Morikawa, M., Ito, M., and Imanaka, T. (1992). Isolation of a new surfactin producer Bacillus pumilus A-1, and cloning and nucleotide sequence of the regulator gene, psf-1. J. Ferment. Bioeng. 74, 255–261. doi: 10.1016/0922-338X(92)90055-Y
Nguyen, K. T., He, X., Alexander, D. C., Li, C., Gu, J. Q., Mascio, C., et al. (2010). Genetically engineered lipopeptide antibiotics related to A54145 and daptomycin with improved properties. Antimicrob. Agents Chemother. 54, 1404–1413. doi: 10.1128/AAC.01307-09
Pecci, Y., Rivardo, F., Martinotti, M. G., and Allegrone, G. (2010). LC/ESI-MS/MS characterization of lipopeptide biosurfactants produced by Bacillus licheniformis V9T14 strain. J. Mass Spectrom. 45, 772–778. doi: 10.1002/jms.1767
Romero, D., de Vicente, A., Rakotoaly, R. H., Dufour, S. E., Veening, J. W., Arrebola, E., et al. (2007). The iturin and fengycin families of lipopeptides are key factors in antagonism of Bacillus subtilis toward Podosphaera fusca. Mol. Plant Microbe Interact. 20, 430–440. doi: 10.1094/MPMI-20-4-0430
Savadogo, A., Tapi, A., Chollet, M., Wathelet, B., Traoré, A. S., and Jacques, P. (2011). Identification of surfactin producing strains in Soumbala and Bikalga fermented condiments using polymerase chain reaction and matrix assisted laser desorption/ionization-mass spectrometry methods. Int. J. Food Microbiol. 151, 299–306. doi: 10.1016/j.ijfoodmicro.2011.09.022
Senesi, S., Celandroni, F., Tavanti, A., and Ghelardi, E. (2001). Molecular characterization and identification of Bacillus clausii strains marketed for use in oral bacteriotherapy. Appl. Environ. Microbiol. 67, 834–839. doi: 10.1128/AEM.67.2.834-839.2001
Silva, N. C., Sarmento, B., and Pintado, M. (2013). The importance of antimicrobial peptides and their potential for therapeutic use in ophthalmology. Int. J. Antimicrob. Agents 41, 5–10. doi: 10.1016/j.ijantimicag.2012.07.020
Spellberg, B., Guidos, R., Gilbert, D., Bradley, J., Boucher, H. W., Scheld, W. M., et al. (2008). The epidemic of antibiotic-resistant infections: a call to action for the medical community from the Infectious Diseases Society of America. Clin. Infect. Dis. 46, 155–164. doi: 10.1086/524891
Sun, L., Lu, Z., Bie, X., Lu, F., and Yang, S. (2006). Isolation and characterization of a co-producer of fengycins and surfactins, endophytic Bacillus amyloliquefaciens ES-2, from Scutellaria baicalensis Georgi. World J. Microbiol. Biotechnol. 22, 1259–1266. doi: 10.1007/s11274-006-9170-0
Tendulkar, S. R., Saikumari, Y. K., Patel, V., Raghotama, S., Munshi, T. K., Balaram, P., et al. (2007). Isolation, purification and characterization of an antifungal molecule produced by Bacillus licheniformis BC98, and its effect on phytopathogen Magnaporthe grisea. J. Appl. Microbiol. 103, 2331–2339. doi: 10.1111/j.1365-2672.2007.03501.x
Tosco, A., Chobelet, A., Bathany, K., Schmitter, J. M., Urdaci, M. C., and Buré, C. (2015). Characterization by tandem mass spectrometry of biologically active compounds produced by Bacillus strains. J. Appl. Bioanal. 1, 19–25. doi: 10.17145/jab.15.004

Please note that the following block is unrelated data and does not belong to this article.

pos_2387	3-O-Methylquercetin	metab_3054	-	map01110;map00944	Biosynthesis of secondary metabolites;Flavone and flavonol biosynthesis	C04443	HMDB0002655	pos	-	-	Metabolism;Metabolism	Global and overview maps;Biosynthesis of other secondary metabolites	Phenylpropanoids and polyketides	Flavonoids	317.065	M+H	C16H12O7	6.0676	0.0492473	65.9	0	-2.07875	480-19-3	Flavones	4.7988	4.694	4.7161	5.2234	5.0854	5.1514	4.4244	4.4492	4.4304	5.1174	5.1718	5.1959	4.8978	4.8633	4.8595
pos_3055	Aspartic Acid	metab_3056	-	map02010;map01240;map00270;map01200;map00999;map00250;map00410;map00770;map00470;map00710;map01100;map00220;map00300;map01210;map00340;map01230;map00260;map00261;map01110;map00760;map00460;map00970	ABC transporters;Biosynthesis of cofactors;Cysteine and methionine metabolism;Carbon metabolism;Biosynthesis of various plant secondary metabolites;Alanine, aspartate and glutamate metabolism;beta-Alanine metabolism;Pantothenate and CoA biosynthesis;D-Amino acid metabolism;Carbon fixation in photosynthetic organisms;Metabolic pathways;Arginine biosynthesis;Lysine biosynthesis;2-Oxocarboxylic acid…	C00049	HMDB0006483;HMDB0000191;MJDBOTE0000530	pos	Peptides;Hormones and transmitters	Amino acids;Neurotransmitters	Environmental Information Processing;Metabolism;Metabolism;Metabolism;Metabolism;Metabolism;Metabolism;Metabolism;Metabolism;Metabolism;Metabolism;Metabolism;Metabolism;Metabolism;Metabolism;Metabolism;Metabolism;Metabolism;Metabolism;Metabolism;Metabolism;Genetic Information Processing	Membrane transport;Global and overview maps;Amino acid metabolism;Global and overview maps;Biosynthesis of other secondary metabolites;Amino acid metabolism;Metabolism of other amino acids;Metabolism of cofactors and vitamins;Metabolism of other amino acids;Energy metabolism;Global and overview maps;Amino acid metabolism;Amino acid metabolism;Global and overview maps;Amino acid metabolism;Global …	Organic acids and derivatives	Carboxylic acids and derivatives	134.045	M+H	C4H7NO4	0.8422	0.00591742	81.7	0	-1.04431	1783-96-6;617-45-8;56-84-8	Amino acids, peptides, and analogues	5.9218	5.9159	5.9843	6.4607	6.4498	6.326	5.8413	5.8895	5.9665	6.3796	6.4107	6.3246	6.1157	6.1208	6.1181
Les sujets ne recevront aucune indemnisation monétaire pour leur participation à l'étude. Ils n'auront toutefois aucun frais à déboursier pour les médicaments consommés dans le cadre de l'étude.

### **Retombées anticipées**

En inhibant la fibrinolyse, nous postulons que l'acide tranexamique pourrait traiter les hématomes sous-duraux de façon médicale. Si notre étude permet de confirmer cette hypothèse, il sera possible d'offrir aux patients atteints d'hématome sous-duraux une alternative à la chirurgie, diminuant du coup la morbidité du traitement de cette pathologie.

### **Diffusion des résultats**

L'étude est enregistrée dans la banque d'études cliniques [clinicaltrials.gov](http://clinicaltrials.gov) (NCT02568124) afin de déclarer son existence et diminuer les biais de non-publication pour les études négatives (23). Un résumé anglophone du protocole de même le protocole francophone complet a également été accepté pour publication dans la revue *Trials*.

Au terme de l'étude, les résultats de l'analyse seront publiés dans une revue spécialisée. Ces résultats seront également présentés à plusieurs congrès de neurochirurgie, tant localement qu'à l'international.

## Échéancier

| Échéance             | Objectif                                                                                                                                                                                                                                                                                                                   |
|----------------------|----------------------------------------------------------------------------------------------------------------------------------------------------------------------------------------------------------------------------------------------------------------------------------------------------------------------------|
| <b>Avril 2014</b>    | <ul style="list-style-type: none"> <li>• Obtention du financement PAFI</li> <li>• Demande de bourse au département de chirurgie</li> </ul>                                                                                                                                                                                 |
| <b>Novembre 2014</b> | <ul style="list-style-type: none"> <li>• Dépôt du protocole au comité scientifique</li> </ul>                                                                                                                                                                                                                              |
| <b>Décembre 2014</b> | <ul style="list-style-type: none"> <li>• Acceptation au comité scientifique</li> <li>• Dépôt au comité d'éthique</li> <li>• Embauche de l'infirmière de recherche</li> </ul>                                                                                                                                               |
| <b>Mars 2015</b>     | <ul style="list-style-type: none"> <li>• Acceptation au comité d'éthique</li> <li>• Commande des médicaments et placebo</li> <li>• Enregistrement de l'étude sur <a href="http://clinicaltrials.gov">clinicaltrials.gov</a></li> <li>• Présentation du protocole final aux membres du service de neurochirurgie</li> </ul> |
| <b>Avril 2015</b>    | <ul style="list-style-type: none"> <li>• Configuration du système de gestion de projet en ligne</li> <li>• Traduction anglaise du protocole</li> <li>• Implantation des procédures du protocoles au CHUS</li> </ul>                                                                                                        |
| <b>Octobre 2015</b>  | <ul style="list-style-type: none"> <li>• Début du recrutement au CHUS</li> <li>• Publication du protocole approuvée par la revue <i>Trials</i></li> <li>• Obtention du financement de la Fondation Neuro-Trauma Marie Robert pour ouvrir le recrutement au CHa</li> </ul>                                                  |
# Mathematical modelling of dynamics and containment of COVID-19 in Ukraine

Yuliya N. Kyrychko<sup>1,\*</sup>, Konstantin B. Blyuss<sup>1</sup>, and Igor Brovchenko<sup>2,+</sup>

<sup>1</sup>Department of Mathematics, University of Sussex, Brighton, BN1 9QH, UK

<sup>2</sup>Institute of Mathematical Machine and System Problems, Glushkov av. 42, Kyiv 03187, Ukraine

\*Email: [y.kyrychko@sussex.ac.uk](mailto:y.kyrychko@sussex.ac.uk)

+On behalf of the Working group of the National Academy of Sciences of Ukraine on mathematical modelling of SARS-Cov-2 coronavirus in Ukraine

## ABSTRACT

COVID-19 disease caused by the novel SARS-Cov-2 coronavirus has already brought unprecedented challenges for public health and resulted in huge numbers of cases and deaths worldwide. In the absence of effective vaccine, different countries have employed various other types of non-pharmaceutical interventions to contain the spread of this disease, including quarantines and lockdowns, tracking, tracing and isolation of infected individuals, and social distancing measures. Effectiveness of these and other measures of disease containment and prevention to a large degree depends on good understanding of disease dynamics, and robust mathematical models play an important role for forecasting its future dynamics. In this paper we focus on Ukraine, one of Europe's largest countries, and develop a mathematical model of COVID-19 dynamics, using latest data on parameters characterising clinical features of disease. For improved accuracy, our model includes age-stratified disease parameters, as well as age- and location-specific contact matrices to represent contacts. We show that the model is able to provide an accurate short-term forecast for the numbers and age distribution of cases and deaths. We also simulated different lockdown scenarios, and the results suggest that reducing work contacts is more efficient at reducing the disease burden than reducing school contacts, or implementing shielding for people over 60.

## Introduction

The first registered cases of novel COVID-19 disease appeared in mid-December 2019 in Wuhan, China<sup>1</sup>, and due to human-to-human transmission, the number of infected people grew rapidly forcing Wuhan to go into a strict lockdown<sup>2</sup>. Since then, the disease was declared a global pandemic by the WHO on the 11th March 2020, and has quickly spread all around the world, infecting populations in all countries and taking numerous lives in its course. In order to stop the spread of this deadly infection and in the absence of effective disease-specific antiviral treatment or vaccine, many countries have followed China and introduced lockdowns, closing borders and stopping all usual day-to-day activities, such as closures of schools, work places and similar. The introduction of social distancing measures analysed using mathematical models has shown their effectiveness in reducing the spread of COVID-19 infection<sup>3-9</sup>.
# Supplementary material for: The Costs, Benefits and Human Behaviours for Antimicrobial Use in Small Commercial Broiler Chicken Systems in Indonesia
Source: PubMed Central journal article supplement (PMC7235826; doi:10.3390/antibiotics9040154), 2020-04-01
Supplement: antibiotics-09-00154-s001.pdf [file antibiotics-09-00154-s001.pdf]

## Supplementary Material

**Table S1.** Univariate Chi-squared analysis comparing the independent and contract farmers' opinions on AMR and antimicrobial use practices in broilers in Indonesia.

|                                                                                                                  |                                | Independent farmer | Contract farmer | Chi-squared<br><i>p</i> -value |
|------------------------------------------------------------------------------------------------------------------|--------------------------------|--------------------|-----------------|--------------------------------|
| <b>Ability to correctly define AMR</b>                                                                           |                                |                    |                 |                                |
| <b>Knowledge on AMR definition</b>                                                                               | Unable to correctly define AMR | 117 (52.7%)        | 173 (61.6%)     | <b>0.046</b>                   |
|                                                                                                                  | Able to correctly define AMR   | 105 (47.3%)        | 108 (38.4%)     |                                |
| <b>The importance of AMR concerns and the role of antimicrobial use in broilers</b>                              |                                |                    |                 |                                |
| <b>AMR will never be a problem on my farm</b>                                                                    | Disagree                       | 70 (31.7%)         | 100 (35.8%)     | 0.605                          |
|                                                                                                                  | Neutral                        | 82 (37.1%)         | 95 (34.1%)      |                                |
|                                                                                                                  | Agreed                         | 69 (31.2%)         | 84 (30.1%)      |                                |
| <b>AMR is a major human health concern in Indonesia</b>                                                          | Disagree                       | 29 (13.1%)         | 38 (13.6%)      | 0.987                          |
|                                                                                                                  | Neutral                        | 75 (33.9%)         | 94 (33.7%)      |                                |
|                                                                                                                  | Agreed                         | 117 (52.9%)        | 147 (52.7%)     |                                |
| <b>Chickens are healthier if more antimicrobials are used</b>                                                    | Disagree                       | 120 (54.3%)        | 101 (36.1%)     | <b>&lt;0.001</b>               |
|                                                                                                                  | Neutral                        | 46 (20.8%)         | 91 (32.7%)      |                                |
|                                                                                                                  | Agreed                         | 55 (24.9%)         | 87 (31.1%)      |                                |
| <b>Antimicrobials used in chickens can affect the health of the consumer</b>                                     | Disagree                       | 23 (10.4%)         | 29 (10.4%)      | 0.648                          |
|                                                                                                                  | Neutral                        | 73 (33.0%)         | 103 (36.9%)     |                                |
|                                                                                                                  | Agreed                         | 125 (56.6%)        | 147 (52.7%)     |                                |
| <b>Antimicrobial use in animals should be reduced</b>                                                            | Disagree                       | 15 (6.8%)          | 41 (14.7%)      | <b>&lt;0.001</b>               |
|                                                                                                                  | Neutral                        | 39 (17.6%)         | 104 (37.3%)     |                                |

Urajová, P., Hájek, J., Wahlsten, M., Jokela, J., Galica, T., Fewer, D. P., et al. (2016). A liquid chromatography-mass spectrometric method for the detection of cyclic β-amino fatty acid lipopeptides. J. Chromatogr. A 1438, 76–83. doi: 10.1016/j.chroma.2016.02.013
Urrea, R., Cabezas, L., Sierra, R., Cárdenas, M., Restrepo, S., and Jiménez, P. (2011). Selection of antagonistic bacteria isolated from the Physalis peruviana rhizosphere against Fusarium oxysporum. J. Appl. Microbiol. 111, 707–716. doi: 10.1111/j.1365-2672.2011.05092.x
Wu, J. M., Jan, P. S., Yu, H. C., Haung, H. Y., Fang, H. J., Chang, Y. I., et al. (2009). Structure and function of a custom anticancer peptide, CB1a. Peptides 30, 839–848. doi: 10.1016/j.peptides.2009.02.004
Zorrilla, I., Arijo, S., Chabrillon, M., Diaz, P., Martinez-Manzanares, E., Balebona, M. C., et al. (2003). Vibrio species isolated from diseased farmed sole, Solea senegalensis, (Kaup), and evaluation of the potential virulence role of their extracellular products. J. Fish Dis. 26, 103–108.
Zouari, I., Jlaiel, L., Tounsi, S., and Trigui, M. (2016). Biocontrol activity of the endophytic Bacillus amyloliquefaciens, strain ceiz-11 against Pythium aphanidermatum, and purification of its bioactive compounds. Biol. control. 100, 54–62. doi: 10.1016/j.biocontrol.2016.05.012
Keywords: Bacillus licheniformis, purification, bacteriostat, structure, LC-ESI-MS/MS, stabilization
Citation: Chen Y, Liu SA, Mou H, Ma Y, Li M and Hu X (2017) Characterization of Lipopeptide Biosurfactants Produced by Bacillus licheniformis MB01 from Marine Sediments. Front. Microbiol. 8:871. doi: 10.3389/fmicb.2017.00871
Received: 26 January 2017; Accepted: 28 April 2017;
Published: 16 May 2017.
Edited by:Qiang Wang, Institute of Hydrobiology (CAS), China
Reviewed by:Stefan Fränzle, Technische Universität Dresden, Germany
Giuseppe Spano, University of Foggia, Italy
Copyright © 2017 Chen, Liu, Mou, Ma, Li and Hu. This is an open-access article distributed under the terms of the Creative Commons Attribution License (CC BY). The use, distribution or reproduction in other forums is permitted, provided the original author(s) or licensor are credited and that the original publication in this journal is cited, in accordance with accepted academic practice. No use, distribution or reproduction is permitted which does not comply with these terms.